To evaluate the feet’ soles, first, the observational method was used. Using the American-made 3BODY VIEW foot scanner, the subjects’ type of complication and INDEX were determined. Also, to measure the dynamic balance, an ENC device made by “Danesh Salar Iranian Co”. was used.
3. Results
The independent t-test revealed that the two groups had a significant difference in equilibrium performance (P=0.04), but there was no significant difference in weight distribution parameters. Also, the Mann-Whitney test results did not reveal a significant difference between the two groups in the variables of the ‘plantar arch index’ and ‘musculoskeletal abnormalities’ (P<0.05). 
As you can see in Table 1, the dynamic balance had a significant difference (P=0.04) only in the “forward head” complication of the “non-active” group. 

“Pronation” anomaly had a positive correlation with “forward head” complication, and a significant level (P=0.03) was observed, but “supination” anomaly was negatively correlated with “forward head” complication in the “active” group and positively correlated with the “non-active” group; however, no significant level was observed.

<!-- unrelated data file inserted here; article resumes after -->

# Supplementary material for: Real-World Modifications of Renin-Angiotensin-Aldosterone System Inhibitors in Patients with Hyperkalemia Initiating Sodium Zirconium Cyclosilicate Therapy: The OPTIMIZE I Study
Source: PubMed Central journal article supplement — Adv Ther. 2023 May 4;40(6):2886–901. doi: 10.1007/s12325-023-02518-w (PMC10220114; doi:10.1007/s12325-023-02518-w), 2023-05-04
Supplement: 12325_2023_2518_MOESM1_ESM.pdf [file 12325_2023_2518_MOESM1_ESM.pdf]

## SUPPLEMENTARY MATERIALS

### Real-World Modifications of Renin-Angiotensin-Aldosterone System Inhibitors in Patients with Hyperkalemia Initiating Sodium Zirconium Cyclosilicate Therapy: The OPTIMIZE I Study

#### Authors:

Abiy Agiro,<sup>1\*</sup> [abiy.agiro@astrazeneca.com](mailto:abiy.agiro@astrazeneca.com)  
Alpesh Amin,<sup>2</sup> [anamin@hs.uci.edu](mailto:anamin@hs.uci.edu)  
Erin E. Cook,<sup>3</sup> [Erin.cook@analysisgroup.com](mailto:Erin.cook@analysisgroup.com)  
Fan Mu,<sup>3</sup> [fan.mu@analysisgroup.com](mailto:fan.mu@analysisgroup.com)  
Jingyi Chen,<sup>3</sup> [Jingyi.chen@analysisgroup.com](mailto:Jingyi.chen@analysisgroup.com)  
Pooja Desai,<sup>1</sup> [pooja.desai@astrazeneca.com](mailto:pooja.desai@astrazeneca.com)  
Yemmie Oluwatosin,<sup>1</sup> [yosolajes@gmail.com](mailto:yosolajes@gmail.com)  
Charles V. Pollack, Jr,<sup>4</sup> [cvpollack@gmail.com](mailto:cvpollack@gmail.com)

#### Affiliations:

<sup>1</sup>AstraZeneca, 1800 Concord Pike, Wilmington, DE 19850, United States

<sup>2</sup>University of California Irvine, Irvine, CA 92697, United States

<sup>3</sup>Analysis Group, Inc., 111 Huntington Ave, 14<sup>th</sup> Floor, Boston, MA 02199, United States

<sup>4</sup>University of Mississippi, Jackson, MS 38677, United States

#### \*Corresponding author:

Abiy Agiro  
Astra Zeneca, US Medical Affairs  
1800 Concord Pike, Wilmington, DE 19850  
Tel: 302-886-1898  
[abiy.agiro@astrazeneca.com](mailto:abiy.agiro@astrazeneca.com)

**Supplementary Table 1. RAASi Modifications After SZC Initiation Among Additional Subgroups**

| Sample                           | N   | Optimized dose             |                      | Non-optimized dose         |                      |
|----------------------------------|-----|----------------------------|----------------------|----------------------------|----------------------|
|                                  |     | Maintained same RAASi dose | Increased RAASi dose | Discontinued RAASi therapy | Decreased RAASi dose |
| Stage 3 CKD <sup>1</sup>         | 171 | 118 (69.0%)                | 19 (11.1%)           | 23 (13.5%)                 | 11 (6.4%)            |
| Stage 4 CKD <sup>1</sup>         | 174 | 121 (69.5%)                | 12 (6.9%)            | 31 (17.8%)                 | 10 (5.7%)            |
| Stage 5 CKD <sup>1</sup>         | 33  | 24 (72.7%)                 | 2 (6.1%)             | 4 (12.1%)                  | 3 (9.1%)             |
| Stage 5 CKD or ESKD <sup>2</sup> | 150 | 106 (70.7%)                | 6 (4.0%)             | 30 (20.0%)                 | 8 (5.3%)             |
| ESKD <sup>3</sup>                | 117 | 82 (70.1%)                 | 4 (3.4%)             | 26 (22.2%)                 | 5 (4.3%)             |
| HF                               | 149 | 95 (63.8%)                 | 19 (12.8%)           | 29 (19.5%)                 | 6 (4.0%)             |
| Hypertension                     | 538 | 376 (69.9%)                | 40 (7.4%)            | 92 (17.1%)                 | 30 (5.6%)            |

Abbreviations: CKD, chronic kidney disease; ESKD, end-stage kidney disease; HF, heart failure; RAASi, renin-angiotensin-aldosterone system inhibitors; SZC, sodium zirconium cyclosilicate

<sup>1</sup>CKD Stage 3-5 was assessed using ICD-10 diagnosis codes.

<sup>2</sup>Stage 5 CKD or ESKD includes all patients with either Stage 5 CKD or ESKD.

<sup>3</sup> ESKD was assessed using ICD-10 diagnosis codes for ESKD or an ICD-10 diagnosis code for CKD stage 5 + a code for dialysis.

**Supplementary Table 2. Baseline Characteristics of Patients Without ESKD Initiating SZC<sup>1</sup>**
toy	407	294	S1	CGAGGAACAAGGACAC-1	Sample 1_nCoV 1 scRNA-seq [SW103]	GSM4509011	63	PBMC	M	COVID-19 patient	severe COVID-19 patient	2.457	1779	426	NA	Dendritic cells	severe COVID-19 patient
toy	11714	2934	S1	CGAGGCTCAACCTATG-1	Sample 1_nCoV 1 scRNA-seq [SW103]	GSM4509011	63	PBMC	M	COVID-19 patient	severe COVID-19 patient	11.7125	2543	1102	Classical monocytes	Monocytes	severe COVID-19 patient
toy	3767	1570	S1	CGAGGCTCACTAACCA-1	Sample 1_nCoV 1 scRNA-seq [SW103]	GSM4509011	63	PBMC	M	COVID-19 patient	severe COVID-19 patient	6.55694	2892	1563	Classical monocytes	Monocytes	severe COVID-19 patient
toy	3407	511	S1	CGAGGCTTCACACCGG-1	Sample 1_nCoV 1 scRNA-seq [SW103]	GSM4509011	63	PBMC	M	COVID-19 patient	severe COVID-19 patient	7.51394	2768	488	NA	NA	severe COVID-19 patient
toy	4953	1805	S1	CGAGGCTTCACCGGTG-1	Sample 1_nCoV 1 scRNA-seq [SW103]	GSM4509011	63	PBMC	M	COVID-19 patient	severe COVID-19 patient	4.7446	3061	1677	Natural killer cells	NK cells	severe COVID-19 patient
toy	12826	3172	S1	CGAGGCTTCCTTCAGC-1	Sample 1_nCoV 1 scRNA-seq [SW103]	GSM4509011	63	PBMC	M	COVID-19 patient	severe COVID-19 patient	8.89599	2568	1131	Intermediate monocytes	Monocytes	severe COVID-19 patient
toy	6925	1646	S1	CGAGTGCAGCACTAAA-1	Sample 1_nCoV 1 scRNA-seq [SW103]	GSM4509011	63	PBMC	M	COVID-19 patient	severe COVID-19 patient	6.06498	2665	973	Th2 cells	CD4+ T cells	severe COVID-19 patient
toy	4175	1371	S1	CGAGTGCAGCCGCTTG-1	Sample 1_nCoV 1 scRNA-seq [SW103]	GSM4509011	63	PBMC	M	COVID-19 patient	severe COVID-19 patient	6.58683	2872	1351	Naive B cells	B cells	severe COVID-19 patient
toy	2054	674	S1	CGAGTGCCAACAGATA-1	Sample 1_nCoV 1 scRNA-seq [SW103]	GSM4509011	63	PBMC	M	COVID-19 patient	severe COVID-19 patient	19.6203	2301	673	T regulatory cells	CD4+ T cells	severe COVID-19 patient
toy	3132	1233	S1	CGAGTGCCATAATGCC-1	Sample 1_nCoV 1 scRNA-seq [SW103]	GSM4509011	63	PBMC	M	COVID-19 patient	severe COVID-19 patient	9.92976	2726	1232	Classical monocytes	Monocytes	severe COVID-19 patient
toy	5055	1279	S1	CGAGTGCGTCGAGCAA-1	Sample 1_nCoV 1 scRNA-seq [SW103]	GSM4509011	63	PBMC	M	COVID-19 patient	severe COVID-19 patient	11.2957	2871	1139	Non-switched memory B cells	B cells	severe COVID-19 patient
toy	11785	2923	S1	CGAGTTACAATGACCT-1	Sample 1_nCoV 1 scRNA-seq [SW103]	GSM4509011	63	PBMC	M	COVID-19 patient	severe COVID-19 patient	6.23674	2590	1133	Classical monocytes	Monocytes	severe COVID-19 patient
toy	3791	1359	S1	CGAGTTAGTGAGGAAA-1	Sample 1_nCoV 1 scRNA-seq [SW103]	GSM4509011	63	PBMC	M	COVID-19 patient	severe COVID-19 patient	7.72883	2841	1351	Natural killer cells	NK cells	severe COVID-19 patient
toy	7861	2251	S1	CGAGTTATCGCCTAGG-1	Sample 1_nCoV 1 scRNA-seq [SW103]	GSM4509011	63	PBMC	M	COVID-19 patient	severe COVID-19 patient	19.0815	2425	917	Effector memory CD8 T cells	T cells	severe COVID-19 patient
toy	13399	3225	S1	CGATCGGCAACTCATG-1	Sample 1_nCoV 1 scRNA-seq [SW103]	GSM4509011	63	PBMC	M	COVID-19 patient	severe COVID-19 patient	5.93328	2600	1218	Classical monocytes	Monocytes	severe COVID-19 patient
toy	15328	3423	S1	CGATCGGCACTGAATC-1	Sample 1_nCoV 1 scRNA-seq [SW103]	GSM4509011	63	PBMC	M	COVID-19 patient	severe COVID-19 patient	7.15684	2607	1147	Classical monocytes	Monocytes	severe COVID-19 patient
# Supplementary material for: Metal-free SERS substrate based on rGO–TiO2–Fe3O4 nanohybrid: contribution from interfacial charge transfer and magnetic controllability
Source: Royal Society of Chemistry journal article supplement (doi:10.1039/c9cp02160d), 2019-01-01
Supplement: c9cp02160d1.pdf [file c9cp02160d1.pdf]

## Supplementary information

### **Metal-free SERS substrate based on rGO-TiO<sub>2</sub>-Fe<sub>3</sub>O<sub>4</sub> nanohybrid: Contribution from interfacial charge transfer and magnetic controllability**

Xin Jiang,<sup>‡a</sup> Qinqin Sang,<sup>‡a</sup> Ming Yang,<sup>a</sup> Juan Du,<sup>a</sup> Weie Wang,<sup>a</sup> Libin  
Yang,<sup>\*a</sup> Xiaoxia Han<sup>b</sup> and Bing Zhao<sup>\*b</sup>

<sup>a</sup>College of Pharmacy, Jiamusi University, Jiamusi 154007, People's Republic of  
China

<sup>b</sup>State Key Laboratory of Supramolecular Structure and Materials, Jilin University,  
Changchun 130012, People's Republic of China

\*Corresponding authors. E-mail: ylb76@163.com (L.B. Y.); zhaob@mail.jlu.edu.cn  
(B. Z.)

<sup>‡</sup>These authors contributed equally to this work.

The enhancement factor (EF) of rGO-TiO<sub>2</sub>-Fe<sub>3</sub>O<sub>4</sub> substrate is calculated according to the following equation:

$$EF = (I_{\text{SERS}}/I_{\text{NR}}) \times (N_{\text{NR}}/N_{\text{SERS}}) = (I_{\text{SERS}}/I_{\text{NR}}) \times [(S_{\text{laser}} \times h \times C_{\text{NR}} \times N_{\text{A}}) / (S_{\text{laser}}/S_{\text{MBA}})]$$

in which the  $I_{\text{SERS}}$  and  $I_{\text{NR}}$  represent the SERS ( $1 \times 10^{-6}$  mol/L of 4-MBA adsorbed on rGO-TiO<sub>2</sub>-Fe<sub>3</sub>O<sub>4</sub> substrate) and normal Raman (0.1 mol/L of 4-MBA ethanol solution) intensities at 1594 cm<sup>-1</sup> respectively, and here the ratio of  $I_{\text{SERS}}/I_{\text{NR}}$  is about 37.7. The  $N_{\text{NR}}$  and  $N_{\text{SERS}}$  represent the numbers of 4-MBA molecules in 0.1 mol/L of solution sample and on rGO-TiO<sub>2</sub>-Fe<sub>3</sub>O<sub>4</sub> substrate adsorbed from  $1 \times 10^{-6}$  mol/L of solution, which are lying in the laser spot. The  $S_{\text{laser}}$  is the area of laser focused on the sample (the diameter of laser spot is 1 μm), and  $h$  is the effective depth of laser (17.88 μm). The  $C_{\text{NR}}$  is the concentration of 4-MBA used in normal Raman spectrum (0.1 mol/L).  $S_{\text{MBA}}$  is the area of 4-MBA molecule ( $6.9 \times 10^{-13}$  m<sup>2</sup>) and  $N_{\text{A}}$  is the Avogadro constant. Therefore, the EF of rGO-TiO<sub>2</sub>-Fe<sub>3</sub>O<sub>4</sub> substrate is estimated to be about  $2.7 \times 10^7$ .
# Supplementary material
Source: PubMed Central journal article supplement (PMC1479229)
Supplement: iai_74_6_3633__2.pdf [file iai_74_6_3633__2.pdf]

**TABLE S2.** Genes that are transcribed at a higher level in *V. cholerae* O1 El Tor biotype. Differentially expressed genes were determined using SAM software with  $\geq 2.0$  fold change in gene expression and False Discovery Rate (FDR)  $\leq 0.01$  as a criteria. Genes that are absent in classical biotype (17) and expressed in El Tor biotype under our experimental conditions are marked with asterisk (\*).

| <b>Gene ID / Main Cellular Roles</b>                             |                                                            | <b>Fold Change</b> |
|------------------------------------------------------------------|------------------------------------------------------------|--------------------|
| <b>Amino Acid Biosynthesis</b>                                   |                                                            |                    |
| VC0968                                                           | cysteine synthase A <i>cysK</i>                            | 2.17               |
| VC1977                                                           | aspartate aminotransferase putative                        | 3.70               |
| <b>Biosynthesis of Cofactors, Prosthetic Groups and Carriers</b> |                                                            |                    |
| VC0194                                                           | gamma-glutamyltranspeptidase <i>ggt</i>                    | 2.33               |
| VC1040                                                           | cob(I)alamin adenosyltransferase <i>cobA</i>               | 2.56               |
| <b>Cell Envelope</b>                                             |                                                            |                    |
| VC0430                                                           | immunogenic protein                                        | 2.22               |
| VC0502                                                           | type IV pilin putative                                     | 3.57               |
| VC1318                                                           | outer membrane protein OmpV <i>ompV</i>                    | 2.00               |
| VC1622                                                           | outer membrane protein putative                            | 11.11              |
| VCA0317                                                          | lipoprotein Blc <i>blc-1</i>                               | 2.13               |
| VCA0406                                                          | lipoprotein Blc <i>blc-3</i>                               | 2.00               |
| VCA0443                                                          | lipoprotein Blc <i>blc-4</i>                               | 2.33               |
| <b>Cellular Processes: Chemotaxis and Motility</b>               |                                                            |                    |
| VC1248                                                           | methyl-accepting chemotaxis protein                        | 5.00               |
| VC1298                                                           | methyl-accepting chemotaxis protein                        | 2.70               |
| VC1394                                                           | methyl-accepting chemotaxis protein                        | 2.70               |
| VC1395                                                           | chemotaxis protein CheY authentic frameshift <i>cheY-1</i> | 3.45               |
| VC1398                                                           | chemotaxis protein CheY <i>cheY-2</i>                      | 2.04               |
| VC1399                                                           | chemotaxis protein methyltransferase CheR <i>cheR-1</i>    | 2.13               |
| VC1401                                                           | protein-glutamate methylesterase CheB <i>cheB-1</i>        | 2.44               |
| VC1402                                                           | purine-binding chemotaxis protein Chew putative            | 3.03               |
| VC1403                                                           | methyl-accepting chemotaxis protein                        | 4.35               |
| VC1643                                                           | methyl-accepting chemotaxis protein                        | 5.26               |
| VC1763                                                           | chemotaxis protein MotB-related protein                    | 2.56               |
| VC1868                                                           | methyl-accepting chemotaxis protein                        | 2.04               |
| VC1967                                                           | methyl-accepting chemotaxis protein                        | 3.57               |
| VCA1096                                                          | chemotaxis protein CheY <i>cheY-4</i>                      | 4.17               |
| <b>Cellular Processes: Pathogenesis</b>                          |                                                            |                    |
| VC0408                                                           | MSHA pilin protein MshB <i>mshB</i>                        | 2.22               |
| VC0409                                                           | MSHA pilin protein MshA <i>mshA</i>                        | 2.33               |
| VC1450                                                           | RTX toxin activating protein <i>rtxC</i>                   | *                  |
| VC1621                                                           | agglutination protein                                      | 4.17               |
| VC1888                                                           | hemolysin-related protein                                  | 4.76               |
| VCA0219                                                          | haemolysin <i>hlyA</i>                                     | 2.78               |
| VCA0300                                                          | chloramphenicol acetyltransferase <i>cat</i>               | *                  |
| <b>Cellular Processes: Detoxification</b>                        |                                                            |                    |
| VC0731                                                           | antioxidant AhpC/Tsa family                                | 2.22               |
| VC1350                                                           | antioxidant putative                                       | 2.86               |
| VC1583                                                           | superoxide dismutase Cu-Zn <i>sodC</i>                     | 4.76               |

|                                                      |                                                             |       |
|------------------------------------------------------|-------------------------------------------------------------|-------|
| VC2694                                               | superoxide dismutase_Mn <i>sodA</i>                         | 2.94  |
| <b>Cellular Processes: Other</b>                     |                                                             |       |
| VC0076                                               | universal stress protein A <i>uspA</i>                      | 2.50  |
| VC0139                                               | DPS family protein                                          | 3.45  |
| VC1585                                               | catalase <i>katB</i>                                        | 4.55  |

The arch of the sole of the foot with dynamic balance and weight distribution on the left foot, supination and varus has a negative correlation in the active group; Also in the inactive group, this negative correlation is observed only in the weight distribution on the left foot and supination. Besides, there was a significant difference between the “plantar arch index” with “active” group “pronation” (P=0.01) and “active” group “varus” (P=0.05) and “active” group “valgus” (P=0.05) as well as “non-active” group “pronation” (P=0.01). “Dynamic balance” in the “active” group had a negative correlation in “weight distribution” on the right foot, “pronation,” “varus,” and “valgus”.